Freedom Fighters' criminal records expunged by Florida cabinet listen12/09/10 Janelle Irwin
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This morning in Tallahassee, the Florida Board of Executive Clemency gave freedom back to activists known as the â€œFreedom Fightersâ€. The unanimous decision to expunge their criminal records was met with excited applause.
Presiding over his last Clemency meeting, Governor Charlie Crist moved to expunge criminal charges and arrest records of the â€œFreedom Fightersâ€ from St. Augustine in 1963 and 1964.
"Be it resolved by the Governor and Cabinet, sitting as the Florida Board of Executive Clemency, do hereby recommend that the appropriate governmental entities immediately act to expunge any and all arrests and conviction records for which the related charges or convictions were dismissed or reversed by court order or for which the subjects were released without prosecution."
The other board members, Chief Financial Officer Alex Sink, Attorney General Bill McCollum and Commissioner of Agriculture Charles Bronson, had no objections.
"So moved. Is there a second? All in favor please signify by saying 'aye.' Same, like sign for no? Show it unanimously passed. Congratulations and thank you very much."
After nearly 50 years of waiting, activists who helped lay the ground work for such milestones as the Civil Rights Act of 1964 were publicly recognized for their courage and apologized to for the injustices they suffered.
"The Governor and Cabinet, sitting as the Florida Board of Executive Clemency, express their profound regret for Florida's role in sanctioning the injustices perpetrated upon the courageous African American citizens of St. Augustine, St. John's County, Florida who, along with many others, were known as the 'Freedom Fighters' and who participated in the historic Civil Rights Events that took place in that city during the years 1963 and 1964."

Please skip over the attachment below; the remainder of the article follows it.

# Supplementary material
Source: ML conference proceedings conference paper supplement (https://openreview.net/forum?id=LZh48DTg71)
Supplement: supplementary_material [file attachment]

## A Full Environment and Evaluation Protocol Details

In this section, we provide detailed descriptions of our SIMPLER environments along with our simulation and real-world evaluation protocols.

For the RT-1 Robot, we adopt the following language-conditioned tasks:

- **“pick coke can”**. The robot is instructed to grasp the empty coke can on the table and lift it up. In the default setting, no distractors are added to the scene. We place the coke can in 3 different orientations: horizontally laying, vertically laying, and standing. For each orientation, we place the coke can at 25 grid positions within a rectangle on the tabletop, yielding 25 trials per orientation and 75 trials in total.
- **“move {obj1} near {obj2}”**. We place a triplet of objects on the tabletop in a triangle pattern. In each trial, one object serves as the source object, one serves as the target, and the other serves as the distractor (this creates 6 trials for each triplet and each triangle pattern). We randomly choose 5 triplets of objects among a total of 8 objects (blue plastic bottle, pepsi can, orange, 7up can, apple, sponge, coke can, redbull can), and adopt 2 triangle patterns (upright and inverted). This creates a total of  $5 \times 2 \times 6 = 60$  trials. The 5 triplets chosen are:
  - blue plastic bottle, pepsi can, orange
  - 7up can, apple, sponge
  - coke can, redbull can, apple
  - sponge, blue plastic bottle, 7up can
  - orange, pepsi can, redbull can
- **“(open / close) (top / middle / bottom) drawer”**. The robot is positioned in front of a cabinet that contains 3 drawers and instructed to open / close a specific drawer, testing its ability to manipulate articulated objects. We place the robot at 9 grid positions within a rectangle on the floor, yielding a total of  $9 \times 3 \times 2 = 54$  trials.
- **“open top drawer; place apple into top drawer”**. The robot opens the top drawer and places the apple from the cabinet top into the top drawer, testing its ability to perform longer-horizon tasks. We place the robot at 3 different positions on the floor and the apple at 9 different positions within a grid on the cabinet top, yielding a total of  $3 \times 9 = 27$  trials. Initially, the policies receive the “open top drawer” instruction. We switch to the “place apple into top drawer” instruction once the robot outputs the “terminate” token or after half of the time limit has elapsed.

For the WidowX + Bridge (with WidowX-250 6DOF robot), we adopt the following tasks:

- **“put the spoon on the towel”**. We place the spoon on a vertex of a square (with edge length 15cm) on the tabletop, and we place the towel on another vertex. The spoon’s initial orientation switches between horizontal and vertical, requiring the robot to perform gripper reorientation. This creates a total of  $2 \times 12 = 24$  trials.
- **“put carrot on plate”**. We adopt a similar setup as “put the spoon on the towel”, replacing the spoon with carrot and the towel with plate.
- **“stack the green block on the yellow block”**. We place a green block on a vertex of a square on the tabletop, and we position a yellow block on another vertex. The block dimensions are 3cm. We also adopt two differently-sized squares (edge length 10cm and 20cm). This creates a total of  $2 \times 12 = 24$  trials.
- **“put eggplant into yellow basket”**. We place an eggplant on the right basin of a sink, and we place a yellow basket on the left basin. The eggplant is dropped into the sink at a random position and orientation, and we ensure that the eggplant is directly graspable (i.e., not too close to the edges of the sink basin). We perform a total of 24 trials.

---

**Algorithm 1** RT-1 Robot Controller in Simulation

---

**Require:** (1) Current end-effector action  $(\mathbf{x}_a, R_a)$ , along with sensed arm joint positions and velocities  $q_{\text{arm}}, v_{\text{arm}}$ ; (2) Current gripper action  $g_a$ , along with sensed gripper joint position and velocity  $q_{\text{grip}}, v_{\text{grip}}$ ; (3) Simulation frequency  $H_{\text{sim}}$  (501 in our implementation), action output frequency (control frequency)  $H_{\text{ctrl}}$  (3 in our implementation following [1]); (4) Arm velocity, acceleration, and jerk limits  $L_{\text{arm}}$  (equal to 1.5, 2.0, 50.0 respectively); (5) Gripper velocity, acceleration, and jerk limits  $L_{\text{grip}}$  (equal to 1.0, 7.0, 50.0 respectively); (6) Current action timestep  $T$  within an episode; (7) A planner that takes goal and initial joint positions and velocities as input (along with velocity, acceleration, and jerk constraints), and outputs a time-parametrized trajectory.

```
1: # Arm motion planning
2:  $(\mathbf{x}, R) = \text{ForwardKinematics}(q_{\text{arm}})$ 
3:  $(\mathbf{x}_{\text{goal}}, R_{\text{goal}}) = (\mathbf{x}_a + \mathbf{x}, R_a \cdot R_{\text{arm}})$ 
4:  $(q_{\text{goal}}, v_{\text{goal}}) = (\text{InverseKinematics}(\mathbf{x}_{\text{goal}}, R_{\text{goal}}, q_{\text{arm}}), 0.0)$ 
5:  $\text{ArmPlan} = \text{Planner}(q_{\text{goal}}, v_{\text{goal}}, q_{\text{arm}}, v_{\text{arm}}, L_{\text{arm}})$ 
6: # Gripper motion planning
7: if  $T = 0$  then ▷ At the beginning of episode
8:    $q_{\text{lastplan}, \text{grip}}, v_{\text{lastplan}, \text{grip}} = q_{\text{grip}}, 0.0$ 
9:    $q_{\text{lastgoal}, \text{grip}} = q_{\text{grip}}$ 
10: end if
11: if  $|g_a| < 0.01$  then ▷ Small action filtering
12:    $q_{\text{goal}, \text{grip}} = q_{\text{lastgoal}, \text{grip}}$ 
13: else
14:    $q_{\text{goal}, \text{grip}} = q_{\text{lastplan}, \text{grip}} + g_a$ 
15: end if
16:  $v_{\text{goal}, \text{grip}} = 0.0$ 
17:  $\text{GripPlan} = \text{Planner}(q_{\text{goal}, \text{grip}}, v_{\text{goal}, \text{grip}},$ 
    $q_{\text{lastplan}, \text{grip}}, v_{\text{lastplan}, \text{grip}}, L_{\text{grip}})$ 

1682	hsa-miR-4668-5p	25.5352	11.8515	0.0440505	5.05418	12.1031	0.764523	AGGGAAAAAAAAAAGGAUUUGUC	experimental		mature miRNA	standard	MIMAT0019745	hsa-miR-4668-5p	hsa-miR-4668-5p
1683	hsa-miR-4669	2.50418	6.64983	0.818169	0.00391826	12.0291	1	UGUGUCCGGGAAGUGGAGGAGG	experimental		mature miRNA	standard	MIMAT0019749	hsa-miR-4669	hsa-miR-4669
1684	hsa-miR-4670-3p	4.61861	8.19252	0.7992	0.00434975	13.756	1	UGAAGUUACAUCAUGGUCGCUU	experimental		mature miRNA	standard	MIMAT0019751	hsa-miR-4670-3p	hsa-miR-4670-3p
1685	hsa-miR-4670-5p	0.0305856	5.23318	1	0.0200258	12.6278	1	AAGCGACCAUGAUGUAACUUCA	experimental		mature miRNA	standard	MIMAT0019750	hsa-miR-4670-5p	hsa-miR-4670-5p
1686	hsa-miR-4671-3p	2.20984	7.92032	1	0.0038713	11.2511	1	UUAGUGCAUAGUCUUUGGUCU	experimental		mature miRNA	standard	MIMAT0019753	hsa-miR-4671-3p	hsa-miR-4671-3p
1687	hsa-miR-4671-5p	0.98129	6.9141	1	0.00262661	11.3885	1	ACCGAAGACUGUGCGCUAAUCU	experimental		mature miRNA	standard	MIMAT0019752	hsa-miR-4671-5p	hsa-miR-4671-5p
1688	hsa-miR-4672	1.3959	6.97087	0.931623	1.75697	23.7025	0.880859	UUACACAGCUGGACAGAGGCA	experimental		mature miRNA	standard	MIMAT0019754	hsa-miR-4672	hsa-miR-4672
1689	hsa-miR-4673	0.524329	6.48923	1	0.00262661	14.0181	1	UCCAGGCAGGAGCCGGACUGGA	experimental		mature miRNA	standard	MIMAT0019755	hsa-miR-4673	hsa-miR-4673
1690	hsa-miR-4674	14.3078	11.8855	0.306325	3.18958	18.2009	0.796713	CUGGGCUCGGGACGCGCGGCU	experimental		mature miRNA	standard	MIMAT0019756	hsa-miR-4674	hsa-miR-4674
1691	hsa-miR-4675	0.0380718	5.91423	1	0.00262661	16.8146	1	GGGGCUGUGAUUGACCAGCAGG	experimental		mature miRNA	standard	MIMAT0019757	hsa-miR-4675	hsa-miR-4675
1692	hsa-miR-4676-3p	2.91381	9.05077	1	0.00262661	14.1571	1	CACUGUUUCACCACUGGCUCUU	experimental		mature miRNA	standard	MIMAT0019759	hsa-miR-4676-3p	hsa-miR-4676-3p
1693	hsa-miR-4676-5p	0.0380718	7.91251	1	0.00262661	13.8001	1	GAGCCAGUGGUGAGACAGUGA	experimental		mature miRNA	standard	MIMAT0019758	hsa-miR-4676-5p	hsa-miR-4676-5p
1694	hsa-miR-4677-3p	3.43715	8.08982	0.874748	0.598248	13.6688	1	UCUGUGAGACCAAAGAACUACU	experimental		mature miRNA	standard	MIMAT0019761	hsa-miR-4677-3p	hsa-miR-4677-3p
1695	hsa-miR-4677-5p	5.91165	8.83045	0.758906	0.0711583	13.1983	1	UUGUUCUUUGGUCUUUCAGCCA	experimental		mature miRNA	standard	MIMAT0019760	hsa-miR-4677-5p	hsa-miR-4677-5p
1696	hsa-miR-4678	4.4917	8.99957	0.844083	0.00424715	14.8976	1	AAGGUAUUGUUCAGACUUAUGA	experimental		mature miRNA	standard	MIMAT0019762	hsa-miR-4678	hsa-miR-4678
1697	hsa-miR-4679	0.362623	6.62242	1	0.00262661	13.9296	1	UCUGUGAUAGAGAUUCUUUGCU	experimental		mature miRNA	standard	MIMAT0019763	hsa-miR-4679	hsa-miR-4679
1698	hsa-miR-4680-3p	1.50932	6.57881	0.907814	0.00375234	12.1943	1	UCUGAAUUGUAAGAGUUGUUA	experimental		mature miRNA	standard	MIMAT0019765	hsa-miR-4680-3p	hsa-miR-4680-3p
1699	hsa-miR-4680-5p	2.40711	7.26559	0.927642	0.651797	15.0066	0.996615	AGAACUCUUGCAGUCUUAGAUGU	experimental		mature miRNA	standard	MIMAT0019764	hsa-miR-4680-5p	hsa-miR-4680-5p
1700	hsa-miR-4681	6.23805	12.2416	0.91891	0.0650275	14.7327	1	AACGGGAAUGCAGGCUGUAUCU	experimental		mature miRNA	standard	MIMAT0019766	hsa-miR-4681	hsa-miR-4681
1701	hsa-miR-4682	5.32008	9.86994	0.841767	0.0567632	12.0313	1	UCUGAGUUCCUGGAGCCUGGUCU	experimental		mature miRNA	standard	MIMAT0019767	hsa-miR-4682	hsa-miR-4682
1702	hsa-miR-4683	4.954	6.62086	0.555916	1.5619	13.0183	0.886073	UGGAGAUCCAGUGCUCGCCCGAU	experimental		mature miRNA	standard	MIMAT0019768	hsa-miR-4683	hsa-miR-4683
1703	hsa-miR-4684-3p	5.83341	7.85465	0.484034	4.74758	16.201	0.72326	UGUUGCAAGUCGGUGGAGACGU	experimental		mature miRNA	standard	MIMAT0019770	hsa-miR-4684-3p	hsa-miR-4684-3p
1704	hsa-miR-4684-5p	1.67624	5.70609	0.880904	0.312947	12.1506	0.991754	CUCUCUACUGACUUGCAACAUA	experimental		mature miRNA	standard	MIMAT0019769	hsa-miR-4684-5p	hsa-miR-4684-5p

Among those both honored and exonerated today was Dr. Robert Hayling, a retired dentist and prominent leader in the St. Augustine civil rights movement. In the wake of Wednesdayâ€™s commemoration of the bill creating the Florida Civil Rights Hall of Fame, an emotional Hayling took the podium to express his gratitude for this occasion.
"This is an honor we did not anticipate. All of my constituents and friends, neighbors and all from St. Augustine are here to help me celebrate. Thank you so much."
During 1963 and 1964, many African-American citizens of St. Augustine were arrested, incarcerated and mistreated for their efforts to gain equality in the community. Todayâ€™s historic resolution charged the Florida Board of Executive Clemency with expunging all charges related to the civil rights movement of that time. Governor Crist says the â€œFreedom Fightersâ€ who carry the weight of a criminal record now have a clean slate.
"These courageous individuals who were arrested and or incarcerated in St. Augustine, St. John's County Florida during the years '63 and '64, for their role in support of Florida's Civil Rights movement still have arrest records on file today. Even though the laws permitting such injustices have been repealed. It is important that the Florida Board of Executive Clemency acknowledge the injustices meted out to the 'Freedom Fighters' who bravely demonstrated time and time again against the shameful practices which were dictated by segregationist policies of the day."
In another gesture, the resolution will bar the criminal records from review. But the records will be archived as historical documents.
"To forever remove such records for any future review other than for historical documentation and duly authorize the transfer of such records to the Florida state archives to be made available to historical review or reference, and to forever serve as a living and viable testament to their courage, ideals, and bravery during these fateful months in 1963 and 1964."
Today, with one vote, a group of mostly retired activists not only shed their criminal records, they became heroes of Floridaâ€™s history.